Norway continues to struggle with infectious salmon anemia, bacterial kidney disease outbreaks

Salmon in a net pen
Norway is struggling with a rash of ISA outbreaks | Photo courtesy of Dreamer Company/Shutterstock
4 Min

As summer begins in Norway, most of the country’s largest salmon farmers are coping with outbreaks of infectious salmon anemia.

Norway has struggled with a higher-than-normal number of infectious salmon anemia (ISA) and bacterial kidney disease (BKD) cases over the past year.

On 17 June, Norway’s Norwegian Food Safety Authority (Mattilsynet) reported a suspected ISA case in Salmar Oppdrett’s 33737 Olausskjæret site, operated by Refsnes Laks, in Frøya municipality, Trøndelag county. It is conducting testing after the company reported a positive test for ISA on 14 June.

On 13 June, Mattilsynet said it had detected ISA at Mowi’s 36877 Munkskjæra in Frøya municipality in Trøndelag county. Mowi had first detected the outbreak on 31 May, and Mattilsynet confirmed the diagnosis on 12 June.

On 12 June, Salmar’s 10839 Store Kufjord farm in Alta municipality, Finnmark county, was confirmed to have an ISA outbreak, initially suspected after samples taken 31 May.

On 7 June, Mattilsynet verified a suspected outbreak at Lerøy Vest Sjø’s 24735 Gulholmen site in Bjørnafjorden municipality, Vestland county, first detected 28 May.

On June 4, Mattilsynet confirmed detection of a case of ISA at Måsøval’s 26775 Fjølværet Ø farm in Frøya municipality, Trøndelag county. The company’s suspected detection of the disease was first reported 24 May. Måsøval said it was planning to harvest the 396,000 fish at the site, with an average weight of 5.6 kilograms each, in week 26, meaning the early harvest “will have limited effect on volumes and cost and is expected to have little effect on price achievement.”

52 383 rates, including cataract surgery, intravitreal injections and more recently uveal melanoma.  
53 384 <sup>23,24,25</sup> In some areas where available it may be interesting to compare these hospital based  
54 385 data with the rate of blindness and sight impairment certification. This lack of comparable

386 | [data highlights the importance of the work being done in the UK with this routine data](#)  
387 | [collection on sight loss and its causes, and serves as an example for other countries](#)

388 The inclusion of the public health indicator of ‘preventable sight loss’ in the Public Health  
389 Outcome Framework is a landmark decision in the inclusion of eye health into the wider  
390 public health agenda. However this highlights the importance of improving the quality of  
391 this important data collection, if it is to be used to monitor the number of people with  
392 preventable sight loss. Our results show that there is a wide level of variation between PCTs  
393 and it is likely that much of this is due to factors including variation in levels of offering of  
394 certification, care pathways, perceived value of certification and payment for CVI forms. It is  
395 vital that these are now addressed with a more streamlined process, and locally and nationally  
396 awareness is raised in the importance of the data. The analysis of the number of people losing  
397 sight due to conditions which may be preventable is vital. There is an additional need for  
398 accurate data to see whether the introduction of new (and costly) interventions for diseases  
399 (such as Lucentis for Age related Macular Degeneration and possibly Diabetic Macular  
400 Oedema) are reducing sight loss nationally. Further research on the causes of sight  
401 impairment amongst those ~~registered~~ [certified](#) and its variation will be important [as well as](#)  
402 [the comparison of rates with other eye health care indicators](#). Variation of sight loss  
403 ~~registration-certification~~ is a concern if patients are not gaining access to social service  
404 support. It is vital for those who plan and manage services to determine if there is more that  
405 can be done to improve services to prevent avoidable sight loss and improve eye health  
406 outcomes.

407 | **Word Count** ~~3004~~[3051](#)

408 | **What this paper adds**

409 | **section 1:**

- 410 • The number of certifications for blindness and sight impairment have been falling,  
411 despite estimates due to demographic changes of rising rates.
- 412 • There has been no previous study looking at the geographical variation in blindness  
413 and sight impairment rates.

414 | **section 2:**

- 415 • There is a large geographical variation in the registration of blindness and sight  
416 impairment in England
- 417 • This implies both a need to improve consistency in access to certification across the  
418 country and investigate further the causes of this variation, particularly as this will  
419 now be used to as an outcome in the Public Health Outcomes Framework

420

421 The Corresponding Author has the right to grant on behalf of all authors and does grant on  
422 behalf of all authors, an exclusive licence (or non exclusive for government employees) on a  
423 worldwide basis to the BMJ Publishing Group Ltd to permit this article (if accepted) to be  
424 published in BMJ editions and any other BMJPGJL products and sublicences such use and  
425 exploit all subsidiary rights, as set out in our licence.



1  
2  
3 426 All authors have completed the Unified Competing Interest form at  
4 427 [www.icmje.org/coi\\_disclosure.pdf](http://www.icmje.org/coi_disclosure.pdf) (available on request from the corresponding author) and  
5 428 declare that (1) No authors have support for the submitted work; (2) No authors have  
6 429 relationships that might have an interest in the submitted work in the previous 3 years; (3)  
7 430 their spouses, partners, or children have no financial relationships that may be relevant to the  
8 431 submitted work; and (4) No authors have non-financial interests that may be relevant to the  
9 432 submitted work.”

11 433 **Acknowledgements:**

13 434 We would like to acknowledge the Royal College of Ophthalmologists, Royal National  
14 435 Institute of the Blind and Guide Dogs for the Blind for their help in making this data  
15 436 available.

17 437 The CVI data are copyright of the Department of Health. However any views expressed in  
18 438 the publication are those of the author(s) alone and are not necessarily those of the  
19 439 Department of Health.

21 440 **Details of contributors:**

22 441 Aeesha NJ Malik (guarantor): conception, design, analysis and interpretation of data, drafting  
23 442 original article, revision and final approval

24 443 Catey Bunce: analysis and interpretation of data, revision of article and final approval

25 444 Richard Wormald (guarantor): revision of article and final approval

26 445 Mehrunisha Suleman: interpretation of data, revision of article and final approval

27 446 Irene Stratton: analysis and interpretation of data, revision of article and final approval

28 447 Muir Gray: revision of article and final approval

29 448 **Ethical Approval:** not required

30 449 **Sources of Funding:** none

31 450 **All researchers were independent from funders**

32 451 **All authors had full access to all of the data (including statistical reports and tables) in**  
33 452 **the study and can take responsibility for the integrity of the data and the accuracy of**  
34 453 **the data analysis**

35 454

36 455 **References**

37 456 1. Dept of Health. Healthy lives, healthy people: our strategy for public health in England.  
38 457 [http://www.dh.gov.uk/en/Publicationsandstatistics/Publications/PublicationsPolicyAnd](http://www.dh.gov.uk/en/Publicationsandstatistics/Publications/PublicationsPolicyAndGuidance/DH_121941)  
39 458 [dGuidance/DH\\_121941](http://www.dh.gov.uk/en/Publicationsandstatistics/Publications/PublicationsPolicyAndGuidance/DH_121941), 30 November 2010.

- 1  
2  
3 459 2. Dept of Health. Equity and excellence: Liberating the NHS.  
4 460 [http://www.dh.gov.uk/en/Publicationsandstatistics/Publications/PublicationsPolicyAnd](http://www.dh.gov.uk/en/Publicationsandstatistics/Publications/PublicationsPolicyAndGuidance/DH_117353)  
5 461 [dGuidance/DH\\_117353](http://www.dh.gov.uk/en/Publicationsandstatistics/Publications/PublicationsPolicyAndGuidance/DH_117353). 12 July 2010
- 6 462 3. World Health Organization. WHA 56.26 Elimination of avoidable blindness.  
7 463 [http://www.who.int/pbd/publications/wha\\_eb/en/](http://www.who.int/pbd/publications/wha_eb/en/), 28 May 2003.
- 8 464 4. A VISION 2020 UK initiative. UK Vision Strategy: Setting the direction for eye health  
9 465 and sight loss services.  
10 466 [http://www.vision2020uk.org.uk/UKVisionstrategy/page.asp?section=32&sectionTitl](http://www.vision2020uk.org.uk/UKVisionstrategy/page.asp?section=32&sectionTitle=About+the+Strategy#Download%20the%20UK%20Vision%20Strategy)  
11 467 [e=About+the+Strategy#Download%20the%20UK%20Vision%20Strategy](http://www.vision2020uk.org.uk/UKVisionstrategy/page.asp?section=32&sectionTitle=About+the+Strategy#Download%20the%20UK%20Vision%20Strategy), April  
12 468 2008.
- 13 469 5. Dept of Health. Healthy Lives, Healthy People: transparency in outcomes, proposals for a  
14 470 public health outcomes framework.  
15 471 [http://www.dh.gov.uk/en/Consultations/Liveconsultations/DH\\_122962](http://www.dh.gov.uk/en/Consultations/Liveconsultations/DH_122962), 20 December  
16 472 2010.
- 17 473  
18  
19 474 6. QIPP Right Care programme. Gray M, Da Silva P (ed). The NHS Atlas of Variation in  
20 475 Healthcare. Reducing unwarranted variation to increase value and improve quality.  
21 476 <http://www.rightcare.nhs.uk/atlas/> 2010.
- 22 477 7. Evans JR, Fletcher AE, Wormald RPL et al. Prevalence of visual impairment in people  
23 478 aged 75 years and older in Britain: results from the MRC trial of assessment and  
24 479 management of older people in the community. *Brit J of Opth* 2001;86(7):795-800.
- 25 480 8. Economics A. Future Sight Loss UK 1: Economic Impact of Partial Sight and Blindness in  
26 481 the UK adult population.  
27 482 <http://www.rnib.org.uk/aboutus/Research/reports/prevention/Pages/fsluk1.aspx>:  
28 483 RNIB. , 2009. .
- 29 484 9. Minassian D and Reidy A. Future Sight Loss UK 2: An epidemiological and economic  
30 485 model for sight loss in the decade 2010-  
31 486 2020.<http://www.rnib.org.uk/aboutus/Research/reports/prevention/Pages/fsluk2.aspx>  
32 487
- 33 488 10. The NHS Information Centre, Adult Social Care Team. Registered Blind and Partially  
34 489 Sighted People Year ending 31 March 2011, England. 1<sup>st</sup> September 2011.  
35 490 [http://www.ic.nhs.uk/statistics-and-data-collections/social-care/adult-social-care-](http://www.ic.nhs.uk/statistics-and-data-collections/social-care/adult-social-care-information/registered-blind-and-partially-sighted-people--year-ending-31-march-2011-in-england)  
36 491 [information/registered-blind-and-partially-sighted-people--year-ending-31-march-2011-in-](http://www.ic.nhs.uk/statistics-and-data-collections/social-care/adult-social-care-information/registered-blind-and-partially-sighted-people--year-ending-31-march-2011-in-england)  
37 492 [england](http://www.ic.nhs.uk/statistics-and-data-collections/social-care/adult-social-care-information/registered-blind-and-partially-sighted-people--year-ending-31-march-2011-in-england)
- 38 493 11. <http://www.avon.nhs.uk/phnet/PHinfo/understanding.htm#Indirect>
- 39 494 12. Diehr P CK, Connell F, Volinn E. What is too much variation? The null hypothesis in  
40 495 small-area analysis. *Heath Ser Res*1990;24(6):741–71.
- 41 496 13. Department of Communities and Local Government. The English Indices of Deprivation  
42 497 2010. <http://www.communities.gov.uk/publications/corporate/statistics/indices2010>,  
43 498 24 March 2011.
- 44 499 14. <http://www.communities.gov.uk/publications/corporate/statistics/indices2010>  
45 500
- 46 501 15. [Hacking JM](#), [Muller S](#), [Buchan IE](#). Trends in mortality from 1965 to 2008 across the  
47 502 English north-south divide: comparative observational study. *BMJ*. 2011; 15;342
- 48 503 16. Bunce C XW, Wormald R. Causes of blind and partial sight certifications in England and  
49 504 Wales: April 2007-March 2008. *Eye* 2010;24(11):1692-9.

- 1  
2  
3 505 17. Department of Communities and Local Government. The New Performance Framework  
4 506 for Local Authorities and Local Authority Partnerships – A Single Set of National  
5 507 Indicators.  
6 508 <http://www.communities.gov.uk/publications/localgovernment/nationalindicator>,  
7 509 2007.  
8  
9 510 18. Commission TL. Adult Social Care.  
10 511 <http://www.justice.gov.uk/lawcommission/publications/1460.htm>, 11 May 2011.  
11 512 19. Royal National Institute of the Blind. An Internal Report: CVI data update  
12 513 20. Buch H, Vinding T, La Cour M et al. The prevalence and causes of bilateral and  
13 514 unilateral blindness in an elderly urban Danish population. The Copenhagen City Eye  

Mattilsynet has 10 active established restricted movement zones related to recently recorded ISA outbreaks in Norway, according to the Barents Watch tracking page. The site lists 17 active warnings for detected or suspected ISA cases. There are also 42 active proven or suspected instances of pancreatic disease and 15 BKD cases.

Twelve of the 15 BKD cases were clustered around Trøndelag and attributed to farms operated by Lerøy Seafood, according to Dagbladet Børsen.

“The first two facilities where BKD was detected were Lerøy’s facilities Ringholmen and Gunnarøya, which are close to each other,” Mattilsynet Regional Director Aud Skrudland said. “Spread has, in all probability, occurred via the movement of equipment or vessels between the facilities at Lerøy. In some cases, we also cannot rule out spread between installations in the sea.”

Compounding the issue is the 5 May escape of thousands of salmon from a farm where positive BKD and PD tests had occurred. Approximately 1,650 of the 8,400 salmon estimated to have escaped from a net pen at the Reitholmen farm in Hitra munipicaplity have been recaptured, according to the company. Extensive subsequent testing has not revealed any other positive tests for either disease, indicating “a low risk of the disease spreading to wild salmon,” according to Lerøy Midt General Manager Harald Larssen. 

“We are continuing our efforts to follow up the situation and look after the fish and the environment in the best possible way,” Larssen said.

Larssen said Lerøy now has no cages where there are fish known to be infected with BKD. The company has increased its disease prevention protocols and expanded its monitoring in central Norway the epicenter of the BKD outbreak. Additionally, Lerøy has launched a joint project to study best practices for inhibiting similar disease proliferation in the future.

“This will be very important for the industry to gain better knowledge about these topics,” Larssen said.

A Mattilsynet audit of Lerøy’s Norwegian salmon-farming operations conducted between March and April 2024 found inadequate disease prevention and fish welfare issues caused by management and internal control system failures. Similar shortcomings were found in previous audits of the Norwegian operations of Mowi and SalMar.

In 2022, Norway implemented updated regulations for the handling of fish disease outbreaks. In April 2022, the Norwegian Ministry of Trade and Fisheries called for the implementation of an eradication program to limit ISA outbreaks to fewer than 1 percent of the locations in Norway in active operation at any time, corresponding to eight outbreaks annually.

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